The Sacred Valley

exclusives, On the Road June 24, 2015

By the time we arrived at the sacred valley I was too broke to join my friends on a jeep safari. It was okay, because I would rather die of thirst in the desert than go on a jeep safari with loud Italian tourists, or any tourists at all really. So when my ex whispered that he wouldn’t mind paying for my ticket, I gently declined and watched them hop on the Jeep with a rather over sized Native American behind the wheel. I waved at them as they left and watched the dust trail for a little while. I realized that I was now on my own, for the first time since we arrived. I watched the parking lot where they left me. I think Steinbeck pretty much nailed it when he said, ‘The national parks are as much America as Disneyland is.’ I had arrived at a theme park with a bunch of horses and some overweight caricatures of what Native Americans used to look like. I looked at the stray dogs that were settled against the majestic backdrop of the Table Mountains and red sand. There was no euphoric feeling, there was just me, standing on a rock, staring at a couple of other rocks in the distance.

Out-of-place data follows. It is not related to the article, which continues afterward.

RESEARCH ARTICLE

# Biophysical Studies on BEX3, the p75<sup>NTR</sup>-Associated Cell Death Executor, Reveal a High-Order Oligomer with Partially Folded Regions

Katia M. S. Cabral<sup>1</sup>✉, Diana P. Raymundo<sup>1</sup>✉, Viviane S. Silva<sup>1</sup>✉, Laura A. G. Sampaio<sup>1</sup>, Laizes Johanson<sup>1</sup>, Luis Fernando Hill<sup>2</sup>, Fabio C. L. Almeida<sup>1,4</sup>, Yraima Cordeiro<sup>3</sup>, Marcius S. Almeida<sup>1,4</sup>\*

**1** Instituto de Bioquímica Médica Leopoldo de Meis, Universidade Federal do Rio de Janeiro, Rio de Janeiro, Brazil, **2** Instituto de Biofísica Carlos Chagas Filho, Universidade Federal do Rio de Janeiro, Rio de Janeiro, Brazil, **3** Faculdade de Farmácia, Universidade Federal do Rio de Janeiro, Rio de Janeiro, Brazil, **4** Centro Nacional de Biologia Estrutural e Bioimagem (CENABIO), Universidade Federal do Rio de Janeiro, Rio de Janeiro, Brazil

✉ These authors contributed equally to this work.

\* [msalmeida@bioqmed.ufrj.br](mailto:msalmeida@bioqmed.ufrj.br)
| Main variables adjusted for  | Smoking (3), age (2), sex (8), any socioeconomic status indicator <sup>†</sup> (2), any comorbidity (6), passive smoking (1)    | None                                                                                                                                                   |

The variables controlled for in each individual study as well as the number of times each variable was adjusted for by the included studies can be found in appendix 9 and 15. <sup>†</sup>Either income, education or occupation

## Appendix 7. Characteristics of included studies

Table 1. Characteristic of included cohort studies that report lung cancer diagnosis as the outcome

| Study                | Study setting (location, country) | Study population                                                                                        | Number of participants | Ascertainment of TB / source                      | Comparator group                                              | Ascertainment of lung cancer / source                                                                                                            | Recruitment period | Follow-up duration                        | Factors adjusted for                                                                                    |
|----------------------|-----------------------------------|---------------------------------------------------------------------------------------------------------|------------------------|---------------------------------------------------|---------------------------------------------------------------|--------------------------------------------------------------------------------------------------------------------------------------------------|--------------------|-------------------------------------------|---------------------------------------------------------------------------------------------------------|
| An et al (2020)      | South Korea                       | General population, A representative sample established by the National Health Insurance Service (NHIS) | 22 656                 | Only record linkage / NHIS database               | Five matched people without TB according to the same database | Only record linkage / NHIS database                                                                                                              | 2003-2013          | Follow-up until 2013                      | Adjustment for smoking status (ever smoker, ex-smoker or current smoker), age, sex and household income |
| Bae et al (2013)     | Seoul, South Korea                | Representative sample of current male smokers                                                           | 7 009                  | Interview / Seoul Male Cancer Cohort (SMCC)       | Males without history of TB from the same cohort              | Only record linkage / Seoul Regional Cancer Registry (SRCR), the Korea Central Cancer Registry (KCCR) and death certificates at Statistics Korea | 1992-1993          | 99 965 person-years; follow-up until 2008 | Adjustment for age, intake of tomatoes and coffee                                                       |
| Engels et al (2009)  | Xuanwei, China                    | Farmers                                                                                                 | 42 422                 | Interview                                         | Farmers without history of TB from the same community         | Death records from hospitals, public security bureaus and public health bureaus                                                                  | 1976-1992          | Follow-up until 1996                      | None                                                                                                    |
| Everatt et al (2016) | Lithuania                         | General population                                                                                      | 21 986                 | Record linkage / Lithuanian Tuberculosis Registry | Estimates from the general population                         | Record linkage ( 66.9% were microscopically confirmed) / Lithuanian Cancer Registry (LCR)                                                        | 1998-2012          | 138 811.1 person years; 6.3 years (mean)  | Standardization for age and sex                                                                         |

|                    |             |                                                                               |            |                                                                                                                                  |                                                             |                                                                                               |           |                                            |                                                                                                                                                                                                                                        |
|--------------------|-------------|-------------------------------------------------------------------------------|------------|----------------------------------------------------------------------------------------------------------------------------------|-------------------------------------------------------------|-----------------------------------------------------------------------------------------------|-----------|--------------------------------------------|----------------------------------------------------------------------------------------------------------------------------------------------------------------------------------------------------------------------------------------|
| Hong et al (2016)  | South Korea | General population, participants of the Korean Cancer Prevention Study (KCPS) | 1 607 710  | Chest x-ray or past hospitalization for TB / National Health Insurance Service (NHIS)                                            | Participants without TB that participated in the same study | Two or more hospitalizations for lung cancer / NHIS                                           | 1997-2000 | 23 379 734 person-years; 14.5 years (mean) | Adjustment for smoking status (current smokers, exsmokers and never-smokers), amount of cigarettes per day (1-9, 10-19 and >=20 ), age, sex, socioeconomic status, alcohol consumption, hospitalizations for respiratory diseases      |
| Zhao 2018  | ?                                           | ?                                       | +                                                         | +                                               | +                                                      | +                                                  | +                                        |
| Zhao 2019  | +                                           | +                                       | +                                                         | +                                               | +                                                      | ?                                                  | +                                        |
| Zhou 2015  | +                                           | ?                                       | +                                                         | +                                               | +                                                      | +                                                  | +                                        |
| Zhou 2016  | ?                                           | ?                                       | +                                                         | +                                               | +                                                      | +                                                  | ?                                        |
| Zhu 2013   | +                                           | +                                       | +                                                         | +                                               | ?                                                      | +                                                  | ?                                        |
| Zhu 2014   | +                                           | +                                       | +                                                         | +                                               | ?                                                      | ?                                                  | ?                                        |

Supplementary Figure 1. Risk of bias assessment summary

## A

My world was getting too well organized. My mind wandered off, back in time, when a younger version of myself lived in a world that was far from organised. A version of me that stood at the edge of Loch Ness in Scotland, holding her breath while the rain came down in torrents. It took us six hours to get there and we did not bringenough water. I had misinterpreted the map, quite terribly so. To make matters worse I had shortly been discharged from the hospital and had trouble breathing this high up in the mountains.When my legs finally started to give in we decided to be sensible and knocked on some one’s door to ask for water.  I don’t remember what the house looked like but I remember how I felt when the lady let us in. It felt like an adventure. I was proud of our lack of a Dutch accent when the lady mistook us for Irish kids. We just nodded and told her we were Irish all right. It’s always more fun being someone else when people don’t know your past. I still give out fake names when I’m abroad and lie about my profession at the border. Anyway, the nice lady left us on our own while we drank our lemonade. We immediately blew our Irish cover by falling back into our native tongue with our excited chatter. We hadn’t spoken to each other in over an hour, but we felt replenished now and even though the lady told us the lake was still three hours away from where we were, we were determined to reach it. We refilled our water bottles and tried to memorize the lady’s last minute instructions. Three and a half hours later we were finally standing at the lake. Drizzle was coming down, painting the world around us all kinds of grey. The area was deserted. We were the only people out here, peering over the quiet waters feeling like a bunch of explorers in an undiscovered land. It was magical.